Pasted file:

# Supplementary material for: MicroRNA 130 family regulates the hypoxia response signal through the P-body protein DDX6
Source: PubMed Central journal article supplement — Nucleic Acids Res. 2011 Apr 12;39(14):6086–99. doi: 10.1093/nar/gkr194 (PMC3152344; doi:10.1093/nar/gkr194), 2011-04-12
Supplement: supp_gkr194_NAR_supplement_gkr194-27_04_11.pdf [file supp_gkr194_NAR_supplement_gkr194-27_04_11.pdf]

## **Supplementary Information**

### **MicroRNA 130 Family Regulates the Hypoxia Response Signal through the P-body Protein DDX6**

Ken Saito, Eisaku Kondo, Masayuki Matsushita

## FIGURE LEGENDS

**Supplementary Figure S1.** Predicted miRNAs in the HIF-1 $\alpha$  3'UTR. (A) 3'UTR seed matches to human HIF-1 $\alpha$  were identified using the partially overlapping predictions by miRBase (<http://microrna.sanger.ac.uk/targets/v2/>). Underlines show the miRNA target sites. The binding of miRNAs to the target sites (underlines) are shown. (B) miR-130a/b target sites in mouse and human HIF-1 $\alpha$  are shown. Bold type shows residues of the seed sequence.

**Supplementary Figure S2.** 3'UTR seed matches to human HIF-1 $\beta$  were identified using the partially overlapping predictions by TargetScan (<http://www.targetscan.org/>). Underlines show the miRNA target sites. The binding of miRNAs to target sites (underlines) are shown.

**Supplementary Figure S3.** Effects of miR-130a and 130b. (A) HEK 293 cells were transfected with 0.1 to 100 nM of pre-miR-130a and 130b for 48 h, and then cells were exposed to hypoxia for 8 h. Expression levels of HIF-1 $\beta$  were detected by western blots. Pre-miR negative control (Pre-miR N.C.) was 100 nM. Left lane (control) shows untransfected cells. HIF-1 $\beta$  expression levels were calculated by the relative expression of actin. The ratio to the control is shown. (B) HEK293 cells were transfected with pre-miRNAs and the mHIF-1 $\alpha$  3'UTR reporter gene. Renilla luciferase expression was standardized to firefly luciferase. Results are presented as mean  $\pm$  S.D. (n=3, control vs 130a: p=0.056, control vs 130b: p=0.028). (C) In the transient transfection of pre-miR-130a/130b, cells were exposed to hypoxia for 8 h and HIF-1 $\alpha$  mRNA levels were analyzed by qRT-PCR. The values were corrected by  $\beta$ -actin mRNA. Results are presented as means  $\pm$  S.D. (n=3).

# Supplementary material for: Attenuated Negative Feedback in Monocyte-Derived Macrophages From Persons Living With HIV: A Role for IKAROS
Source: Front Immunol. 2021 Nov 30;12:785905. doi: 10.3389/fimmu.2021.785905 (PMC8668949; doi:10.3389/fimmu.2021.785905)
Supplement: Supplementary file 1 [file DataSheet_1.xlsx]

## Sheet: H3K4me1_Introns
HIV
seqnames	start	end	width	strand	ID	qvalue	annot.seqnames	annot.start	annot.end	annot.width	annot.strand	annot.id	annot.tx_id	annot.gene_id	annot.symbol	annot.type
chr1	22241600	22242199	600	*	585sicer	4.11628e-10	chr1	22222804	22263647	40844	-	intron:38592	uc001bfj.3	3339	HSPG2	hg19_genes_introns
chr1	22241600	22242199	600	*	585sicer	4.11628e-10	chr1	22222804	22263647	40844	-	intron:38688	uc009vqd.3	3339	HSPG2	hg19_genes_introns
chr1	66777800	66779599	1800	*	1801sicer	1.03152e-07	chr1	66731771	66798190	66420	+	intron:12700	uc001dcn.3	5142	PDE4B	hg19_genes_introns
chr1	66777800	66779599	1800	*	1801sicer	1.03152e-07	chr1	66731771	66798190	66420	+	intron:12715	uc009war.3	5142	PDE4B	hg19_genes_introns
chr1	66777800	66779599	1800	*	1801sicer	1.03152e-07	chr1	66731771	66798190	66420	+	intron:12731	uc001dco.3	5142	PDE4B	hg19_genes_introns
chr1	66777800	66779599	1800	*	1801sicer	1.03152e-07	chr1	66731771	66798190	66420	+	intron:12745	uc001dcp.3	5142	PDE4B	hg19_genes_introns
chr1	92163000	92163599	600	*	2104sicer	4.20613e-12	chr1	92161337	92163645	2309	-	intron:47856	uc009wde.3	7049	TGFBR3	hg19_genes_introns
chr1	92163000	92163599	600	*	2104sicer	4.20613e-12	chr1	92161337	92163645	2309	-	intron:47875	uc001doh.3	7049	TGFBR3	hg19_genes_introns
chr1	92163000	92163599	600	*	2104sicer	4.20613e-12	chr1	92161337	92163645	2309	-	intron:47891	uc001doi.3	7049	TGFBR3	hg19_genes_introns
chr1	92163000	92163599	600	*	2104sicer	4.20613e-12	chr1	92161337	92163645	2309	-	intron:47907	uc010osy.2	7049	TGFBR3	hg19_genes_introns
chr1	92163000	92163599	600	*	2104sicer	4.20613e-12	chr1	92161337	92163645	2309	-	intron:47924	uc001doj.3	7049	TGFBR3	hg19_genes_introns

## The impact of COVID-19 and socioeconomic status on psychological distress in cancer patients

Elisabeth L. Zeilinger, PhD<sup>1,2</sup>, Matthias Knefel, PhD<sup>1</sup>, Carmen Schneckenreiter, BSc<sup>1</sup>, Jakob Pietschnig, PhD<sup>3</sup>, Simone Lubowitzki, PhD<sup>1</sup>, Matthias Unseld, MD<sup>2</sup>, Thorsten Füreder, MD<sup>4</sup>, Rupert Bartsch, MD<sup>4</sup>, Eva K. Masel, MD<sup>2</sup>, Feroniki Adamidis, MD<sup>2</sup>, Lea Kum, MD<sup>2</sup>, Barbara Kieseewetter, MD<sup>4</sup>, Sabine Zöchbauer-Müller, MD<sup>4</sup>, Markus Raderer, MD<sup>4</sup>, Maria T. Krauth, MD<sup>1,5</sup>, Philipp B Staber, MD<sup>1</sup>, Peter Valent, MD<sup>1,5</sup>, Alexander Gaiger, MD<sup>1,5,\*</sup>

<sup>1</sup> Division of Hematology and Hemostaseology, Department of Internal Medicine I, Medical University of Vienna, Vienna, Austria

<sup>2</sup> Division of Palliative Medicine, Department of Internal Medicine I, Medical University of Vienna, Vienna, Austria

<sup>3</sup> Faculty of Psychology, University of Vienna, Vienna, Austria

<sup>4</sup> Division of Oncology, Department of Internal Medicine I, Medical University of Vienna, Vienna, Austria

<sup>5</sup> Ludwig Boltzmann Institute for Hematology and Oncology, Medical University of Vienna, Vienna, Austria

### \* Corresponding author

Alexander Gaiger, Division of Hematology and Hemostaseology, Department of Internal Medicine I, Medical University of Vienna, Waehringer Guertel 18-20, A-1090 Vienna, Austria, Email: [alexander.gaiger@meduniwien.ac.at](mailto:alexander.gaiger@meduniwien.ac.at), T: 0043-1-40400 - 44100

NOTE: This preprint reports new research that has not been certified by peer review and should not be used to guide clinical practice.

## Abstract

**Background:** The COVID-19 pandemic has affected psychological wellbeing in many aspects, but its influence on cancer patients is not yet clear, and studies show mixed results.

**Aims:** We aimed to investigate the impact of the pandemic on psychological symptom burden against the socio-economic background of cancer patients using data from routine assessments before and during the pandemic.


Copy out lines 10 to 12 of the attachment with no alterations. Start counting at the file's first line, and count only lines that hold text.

**Supplementary Figure S3.** Effects of miR-130a and 130b. (A) HEK 293 cells were transfected with 0.1 to 100 nM of pre-miR-130a and 130b for 48 h, and then cells were exposed to hypoxia for 8 h. Expression levels of HIF-1 $\beta$  were detected by western blots. Pre-miR negative control (Pre-miR N.C.) was 100 nM. Left lane (control) shows untransfected cells. HIF-1 $\beta$  expression levels were calculated by the relative expression of actin. The ratio to the control is shown. (B) HEK293 cells were transfected with pre-miRNAs and the mHIF-1 $\alpha$  3'UTR reporter gene. Renilla luciferase expression was standardized to firefly luciferase. Results are presented as mean  $\pm$  S.D. (n=3, control vs 130a: p=0.056, control vs 130b: p=0.028). (C) In the transient transfection of pre-miR-130a/130b, cells were exposed to hypoxia for 8 h and HIF-1 $\alpha$  mRNA levels were analyzed by qRT-PCR. The values were corrected by  $\beta$ -actin mRNA. Results are presented as means  $\pm$  S.D. (n=3).

# Supplementary material for: Attenuated Negative Feedback in Monocyte-Derived Macrophages From Persons Living With HIV: A Role for IKAROS
Source: Front Immunol. 2021 Nov 30;12:785905. doi: 10.3389/fimmu.2021.785905 (PMC8668949; doi:10.3389/fimmu.2021.785905)